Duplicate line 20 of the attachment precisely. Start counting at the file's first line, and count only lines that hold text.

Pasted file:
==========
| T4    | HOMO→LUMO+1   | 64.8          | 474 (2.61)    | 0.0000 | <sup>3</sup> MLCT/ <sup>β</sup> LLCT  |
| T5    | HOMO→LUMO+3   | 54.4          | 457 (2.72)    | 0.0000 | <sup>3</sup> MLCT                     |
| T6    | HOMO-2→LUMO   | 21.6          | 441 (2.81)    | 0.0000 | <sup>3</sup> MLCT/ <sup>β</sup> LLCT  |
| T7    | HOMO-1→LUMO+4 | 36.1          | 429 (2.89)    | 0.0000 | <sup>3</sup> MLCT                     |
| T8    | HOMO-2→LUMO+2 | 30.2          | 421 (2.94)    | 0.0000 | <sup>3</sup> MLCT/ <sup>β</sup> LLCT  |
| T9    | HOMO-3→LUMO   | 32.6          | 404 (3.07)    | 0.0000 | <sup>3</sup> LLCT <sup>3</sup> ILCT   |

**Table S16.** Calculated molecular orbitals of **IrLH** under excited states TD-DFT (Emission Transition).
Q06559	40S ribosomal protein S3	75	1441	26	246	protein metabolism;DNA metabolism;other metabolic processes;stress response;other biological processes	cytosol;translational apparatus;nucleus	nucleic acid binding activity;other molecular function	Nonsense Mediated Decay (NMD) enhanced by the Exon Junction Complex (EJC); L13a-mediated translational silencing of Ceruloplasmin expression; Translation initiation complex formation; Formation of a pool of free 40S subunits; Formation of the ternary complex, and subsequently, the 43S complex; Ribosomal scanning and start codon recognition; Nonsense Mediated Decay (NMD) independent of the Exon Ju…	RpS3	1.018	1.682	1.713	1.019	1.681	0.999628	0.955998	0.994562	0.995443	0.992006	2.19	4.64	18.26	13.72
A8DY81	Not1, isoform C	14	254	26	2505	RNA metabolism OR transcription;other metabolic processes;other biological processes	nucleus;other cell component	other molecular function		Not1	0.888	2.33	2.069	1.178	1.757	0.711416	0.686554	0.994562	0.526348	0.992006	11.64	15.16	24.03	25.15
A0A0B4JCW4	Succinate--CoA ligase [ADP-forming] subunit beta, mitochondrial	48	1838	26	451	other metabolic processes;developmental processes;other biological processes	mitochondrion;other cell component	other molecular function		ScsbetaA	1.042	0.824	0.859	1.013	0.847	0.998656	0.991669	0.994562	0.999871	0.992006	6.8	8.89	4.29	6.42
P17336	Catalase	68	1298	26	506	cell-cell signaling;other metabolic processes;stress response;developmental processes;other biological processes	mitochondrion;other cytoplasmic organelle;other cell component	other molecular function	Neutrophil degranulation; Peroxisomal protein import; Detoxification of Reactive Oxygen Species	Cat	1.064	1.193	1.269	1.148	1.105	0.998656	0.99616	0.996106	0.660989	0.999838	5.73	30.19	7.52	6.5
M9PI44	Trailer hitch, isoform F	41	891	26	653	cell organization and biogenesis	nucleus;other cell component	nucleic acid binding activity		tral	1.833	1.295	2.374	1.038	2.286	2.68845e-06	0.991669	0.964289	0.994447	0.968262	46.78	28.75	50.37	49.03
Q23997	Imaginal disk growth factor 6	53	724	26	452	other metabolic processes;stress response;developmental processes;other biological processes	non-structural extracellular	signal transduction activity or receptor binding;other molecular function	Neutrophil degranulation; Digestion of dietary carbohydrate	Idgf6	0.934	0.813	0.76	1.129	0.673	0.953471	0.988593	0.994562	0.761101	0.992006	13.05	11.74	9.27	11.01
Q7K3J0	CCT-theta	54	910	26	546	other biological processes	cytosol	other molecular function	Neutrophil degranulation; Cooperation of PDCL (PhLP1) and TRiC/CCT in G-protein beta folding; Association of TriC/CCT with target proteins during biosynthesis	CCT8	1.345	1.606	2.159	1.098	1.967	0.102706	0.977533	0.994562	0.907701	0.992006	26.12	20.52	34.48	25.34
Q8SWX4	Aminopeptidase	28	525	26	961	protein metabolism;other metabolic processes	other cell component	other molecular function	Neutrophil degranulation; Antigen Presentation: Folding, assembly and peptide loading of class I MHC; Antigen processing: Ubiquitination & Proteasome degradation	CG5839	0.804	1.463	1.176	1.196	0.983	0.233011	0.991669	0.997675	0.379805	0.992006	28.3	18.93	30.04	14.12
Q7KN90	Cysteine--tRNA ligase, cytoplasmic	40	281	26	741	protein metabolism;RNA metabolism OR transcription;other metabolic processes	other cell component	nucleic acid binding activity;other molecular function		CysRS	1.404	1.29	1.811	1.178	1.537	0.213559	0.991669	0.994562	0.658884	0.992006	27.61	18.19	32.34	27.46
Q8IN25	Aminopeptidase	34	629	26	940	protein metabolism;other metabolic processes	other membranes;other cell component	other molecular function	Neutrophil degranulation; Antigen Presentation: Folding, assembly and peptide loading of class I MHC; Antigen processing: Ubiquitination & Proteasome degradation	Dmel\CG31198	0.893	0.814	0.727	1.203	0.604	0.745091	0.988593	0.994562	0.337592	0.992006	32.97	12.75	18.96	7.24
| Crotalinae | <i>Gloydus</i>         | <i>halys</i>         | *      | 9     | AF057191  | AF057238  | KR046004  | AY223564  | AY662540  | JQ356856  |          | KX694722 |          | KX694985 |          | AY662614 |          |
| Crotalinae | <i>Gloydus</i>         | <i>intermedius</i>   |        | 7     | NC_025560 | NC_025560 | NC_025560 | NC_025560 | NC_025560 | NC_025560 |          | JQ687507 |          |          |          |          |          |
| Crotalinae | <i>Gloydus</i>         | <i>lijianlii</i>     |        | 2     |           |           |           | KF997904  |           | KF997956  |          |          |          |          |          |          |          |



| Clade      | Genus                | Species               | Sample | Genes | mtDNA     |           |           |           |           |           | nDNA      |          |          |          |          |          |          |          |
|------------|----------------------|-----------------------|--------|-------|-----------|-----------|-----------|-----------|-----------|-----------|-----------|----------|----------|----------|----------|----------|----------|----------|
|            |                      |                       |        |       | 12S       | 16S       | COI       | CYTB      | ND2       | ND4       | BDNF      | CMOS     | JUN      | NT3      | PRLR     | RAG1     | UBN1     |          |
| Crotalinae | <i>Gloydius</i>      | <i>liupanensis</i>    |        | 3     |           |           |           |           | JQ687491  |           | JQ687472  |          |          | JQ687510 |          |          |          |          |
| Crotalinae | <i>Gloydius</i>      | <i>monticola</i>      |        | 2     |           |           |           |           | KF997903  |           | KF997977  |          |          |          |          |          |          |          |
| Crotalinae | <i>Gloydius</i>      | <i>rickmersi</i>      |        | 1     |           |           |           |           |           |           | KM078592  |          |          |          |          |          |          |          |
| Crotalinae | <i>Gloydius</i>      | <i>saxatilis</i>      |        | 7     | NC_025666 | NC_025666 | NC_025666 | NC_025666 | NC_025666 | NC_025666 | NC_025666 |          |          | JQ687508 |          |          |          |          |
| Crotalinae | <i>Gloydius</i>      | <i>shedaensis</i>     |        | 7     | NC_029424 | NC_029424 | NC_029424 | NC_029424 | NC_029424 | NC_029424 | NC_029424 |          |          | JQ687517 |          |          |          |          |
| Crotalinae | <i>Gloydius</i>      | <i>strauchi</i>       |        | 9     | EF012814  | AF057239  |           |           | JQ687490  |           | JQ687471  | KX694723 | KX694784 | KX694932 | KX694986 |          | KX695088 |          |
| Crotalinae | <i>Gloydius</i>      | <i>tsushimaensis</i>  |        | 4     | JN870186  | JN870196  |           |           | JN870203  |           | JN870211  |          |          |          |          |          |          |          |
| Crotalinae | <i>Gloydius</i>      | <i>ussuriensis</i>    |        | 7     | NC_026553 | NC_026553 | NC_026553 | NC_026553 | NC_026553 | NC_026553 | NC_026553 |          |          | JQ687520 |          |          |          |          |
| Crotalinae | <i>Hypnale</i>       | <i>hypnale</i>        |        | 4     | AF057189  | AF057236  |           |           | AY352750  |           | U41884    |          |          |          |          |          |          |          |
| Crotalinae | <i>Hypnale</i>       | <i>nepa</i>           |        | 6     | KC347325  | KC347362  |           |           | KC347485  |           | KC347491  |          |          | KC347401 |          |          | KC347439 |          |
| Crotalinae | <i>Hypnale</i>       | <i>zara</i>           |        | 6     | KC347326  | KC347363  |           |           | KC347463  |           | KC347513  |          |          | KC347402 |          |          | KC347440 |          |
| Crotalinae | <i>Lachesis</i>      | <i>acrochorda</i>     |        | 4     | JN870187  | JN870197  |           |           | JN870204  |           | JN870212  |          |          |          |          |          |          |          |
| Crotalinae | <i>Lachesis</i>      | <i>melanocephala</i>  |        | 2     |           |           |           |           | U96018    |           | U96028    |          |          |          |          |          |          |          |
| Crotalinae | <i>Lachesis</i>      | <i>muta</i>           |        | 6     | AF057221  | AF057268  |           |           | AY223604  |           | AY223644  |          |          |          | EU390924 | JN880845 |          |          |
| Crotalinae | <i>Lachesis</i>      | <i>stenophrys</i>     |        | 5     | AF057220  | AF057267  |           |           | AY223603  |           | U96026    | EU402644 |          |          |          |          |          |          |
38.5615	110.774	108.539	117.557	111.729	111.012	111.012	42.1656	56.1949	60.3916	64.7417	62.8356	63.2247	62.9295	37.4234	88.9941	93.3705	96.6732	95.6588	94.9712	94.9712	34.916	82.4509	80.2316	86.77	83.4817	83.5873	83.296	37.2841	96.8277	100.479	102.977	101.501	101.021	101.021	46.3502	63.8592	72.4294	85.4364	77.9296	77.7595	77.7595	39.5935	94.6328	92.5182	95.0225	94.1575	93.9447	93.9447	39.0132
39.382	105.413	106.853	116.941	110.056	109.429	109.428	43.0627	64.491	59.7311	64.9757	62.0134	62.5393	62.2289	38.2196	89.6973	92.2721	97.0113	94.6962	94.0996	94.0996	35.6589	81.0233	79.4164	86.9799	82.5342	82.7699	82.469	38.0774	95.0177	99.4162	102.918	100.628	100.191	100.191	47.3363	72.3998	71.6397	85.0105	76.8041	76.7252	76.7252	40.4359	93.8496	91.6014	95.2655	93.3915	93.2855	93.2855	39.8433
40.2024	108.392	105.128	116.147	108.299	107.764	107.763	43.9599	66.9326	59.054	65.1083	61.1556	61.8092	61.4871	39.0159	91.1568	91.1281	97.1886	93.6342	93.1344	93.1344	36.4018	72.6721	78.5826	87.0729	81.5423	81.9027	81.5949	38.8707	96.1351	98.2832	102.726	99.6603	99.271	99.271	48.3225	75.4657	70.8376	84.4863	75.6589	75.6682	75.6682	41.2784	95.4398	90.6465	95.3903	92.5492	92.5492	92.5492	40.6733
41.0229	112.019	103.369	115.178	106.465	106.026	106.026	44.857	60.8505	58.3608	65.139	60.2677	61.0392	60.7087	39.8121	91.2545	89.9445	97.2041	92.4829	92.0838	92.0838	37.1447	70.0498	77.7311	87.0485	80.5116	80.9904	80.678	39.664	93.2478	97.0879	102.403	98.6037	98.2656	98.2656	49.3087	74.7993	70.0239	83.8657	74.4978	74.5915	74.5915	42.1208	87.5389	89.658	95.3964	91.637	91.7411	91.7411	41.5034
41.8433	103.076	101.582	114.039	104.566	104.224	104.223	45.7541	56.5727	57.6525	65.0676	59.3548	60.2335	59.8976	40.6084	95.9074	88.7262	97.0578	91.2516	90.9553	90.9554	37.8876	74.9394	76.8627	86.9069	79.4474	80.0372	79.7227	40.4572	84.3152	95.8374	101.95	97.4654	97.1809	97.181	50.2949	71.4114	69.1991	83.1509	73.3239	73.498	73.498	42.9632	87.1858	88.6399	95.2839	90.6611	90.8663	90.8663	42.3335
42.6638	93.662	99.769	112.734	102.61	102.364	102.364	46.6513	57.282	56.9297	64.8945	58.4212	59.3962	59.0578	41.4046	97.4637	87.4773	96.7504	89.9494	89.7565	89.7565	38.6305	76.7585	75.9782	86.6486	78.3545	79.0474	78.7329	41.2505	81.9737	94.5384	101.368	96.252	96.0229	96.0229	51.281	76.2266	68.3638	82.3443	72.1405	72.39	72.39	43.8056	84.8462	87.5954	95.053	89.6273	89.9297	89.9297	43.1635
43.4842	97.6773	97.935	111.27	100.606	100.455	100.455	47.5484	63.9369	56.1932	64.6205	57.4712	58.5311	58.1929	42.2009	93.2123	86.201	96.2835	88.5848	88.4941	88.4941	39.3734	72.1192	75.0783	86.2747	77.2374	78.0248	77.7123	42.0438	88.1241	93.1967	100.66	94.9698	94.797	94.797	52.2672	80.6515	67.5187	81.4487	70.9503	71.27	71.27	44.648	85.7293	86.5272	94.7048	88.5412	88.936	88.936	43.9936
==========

| Crotalinae | <i>Gloydus</i>         | <i>lijianlii</i>     |        | 2     |           |           |           | KF997904  |           | KF997956  |          |          |          |          |          |          |          |